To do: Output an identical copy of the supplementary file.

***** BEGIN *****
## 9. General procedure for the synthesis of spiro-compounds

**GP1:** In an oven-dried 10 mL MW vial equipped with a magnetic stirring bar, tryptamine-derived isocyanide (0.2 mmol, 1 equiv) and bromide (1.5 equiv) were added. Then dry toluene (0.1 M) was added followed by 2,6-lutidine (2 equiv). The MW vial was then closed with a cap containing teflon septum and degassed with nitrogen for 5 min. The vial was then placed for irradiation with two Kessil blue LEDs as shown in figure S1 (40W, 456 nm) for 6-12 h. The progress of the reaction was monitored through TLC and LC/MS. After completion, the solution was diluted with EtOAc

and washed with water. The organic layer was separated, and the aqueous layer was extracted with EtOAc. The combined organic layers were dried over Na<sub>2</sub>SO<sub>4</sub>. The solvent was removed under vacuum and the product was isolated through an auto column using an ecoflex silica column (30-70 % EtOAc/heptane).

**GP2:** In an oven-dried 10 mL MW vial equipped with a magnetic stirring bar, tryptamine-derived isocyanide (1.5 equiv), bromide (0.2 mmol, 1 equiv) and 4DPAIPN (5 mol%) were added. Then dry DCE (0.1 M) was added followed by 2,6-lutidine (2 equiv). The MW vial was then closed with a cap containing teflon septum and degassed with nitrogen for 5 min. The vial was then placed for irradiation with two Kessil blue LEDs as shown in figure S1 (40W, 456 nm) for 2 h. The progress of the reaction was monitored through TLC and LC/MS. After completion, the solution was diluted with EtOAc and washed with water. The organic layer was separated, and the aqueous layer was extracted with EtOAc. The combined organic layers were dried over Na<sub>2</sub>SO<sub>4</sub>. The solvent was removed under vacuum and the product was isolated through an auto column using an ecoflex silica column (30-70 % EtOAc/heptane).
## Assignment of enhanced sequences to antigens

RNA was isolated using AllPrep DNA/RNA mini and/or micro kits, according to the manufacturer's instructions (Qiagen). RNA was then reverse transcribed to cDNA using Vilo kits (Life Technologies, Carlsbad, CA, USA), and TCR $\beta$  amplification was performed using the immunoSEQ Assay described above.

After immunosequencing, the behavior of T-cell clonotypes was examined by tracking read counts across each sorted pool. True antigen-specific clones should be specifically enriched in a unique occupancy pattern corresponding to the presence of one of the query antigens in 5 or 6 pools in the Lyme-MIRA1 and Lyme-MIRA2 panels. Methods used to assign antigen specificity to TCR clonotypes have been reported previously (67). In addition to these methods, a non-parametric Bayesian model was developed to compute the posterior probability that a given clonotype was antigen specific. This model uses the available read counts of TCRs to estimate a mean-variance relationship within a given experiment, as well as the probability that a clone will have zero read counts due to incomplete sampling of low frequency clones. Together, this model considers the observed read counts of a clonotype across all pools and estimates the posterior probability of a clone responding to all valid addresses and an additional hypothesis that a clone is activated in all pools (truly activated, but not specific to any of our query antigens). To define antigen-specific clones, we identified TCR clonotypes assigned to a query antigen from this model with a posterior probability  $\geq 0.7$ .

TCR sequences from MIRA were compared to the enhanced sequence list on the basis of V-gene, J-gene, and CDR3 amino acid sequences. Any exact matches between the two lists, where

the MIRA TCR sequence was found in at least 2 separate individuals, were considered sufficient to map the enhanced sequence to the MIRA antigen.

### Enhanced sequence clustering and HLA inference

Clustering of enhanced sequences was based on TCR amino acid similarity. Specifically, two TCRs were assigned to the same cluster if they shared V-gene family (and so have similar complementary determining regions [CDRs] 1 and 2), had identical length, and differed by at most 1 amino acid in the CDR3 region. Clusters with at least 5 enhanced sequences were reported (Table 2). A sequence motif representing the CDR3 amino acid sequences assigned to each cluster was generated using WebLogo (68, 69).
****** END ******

## 9. General procedure for the synthesis of spiro-compounds

**GP1:** In an oven-dried 10 mL MW vial equipped with a magnetic stirring bar, tryptamine-derived isocyanide (0.2 mmol, 1 equiv) and bromide (1.5 equiv) were added. Then dry toluene (0.1 M) was added followed by 2,6-lutidine (2 equiv). The MW vial was then closed with a cap containing teflon septum and degassed with nitrogen for 5 min. The vial was then placed for irradiation with two Kessil blue LEDs as shown in figure S1 (40W, 456 nm) for 6-12 h. The progress of the reaction was monitored through TLC and LC/MS. After completion, the solution was diluted with EtOAc

and washed with water. The organic layer was separated, and the aqueous layer was extracted with EtOAc. The combined organic layers were dried over Na<sub>2</sub>SO<sub>4</sub>. The solvent was removed under vacuum and the product was isolated through an auto column using an ecoflex silica column (30-70 % EtOAc/heptane).

**GP2:** In an oven-dried 10 mL MW vial equipped with a magnetic stirring bar, tryptamine-derived isocyanide (1.5 equiv), bromide (0.2 mmol, 1 equiv) and 4DPAIPN (5 mol%) were added. Then dry DCE (0.1 M) was added followed by 2,6-lutidine (2 equiv). The MW vial was then closed with a cap containing teflon septum and degassed with nitrogen for 5 min. The vial was then placed for irradiation with two Kessil blue LEDs as shown in figure S1 (40W, 456 nm) for 2 h. The progress of the reaction was monitored through TLC and LC/MS. After completion, the solution was diluted with EtOAc and washed with water. The organic layer was separated, and the aqueous layer was extracted with EtOAc. The combined organic layers were dried over Na<sub>2</sub>SO<sub>4</sub>. The solvent was removed under vacuum and the product was isolated through an auto column using an ecoflex silica column (30-70 % EtOAc/heptane).
## Assignment of enhanced sequences to antigens

RNA was isolated using AllPrep DNA/RNA mini and/or micro kits, according to the manufacturer's instructions (Qiagen). RNA was then reverse transcribed to cDNA using Vilo kits (Life Technologies, Carlsbad, CA, USA), and TCR $\beta$  amplification was performed using the immunoSEQ Assay described above.

After immunosequencing, the behavior of T-cell clonotypes was examined by tracking read counts across each sorted pool. True antigen-specific clones should be specifically enriched in a unique occupancy pattern corresponding to the presence of one of the query antigens in 5 or 6 pools in the Lyme-MIRA1 and Lyme-MIRA2 panels. Methods used to assign antigen specificity to TCR clonotypes have been reported previously (67). In addition to these methods, a non-parametric Bayesian model was developed to compute the posterior probability that a given clonotype was antigen specific. This model uses the available read counts of TCRs to estimate a mean-variance relationship within a given experiment, as well as the probability that a clone will have zero read counts due to incomplete sampling of low frequency clones. Together, this model considers the observed read counts of a clonotype across all pools and estimates the posterior probability of a clone responding to all valid addresses and an additional hypothesis that a clone is activated in all pools (truly activated, but not specific to any of our query antigens). To define antigen-specific clones, we identified TCR clonotypes assigned to a query antigen from this model with a posterior probability  $\geq 0.7$ .

TCR sequences from MIRA were compared to the enhanced sequence list on the basis of V-gene, J-gene, and CDR3 amino acid sequences. Any exact matches between the two lists, where

the MIRA TCR sequence was found in at least 2 separate individuals, were considered sufficient to map the enhanced sequence to the MIRA antigen.

### Enhanced sequence clustering and HLA inference

Clustering of enhanced sequences was based on TCR amino acid similarity. Specifically, two TCRs were assigned to the same cluster if they shared V-gene family (and so have similar complementary determining regions [CDRs] 1 and 2), had identical length, and differed by at most 1 amino acid in the CDR3 region. Clusters with at least 5 enhanced sequences were reported (Table 2). A sequence motif representing the CDR3 amino acid sequences assigned to each cluster was generated using WebLogo (68, 69).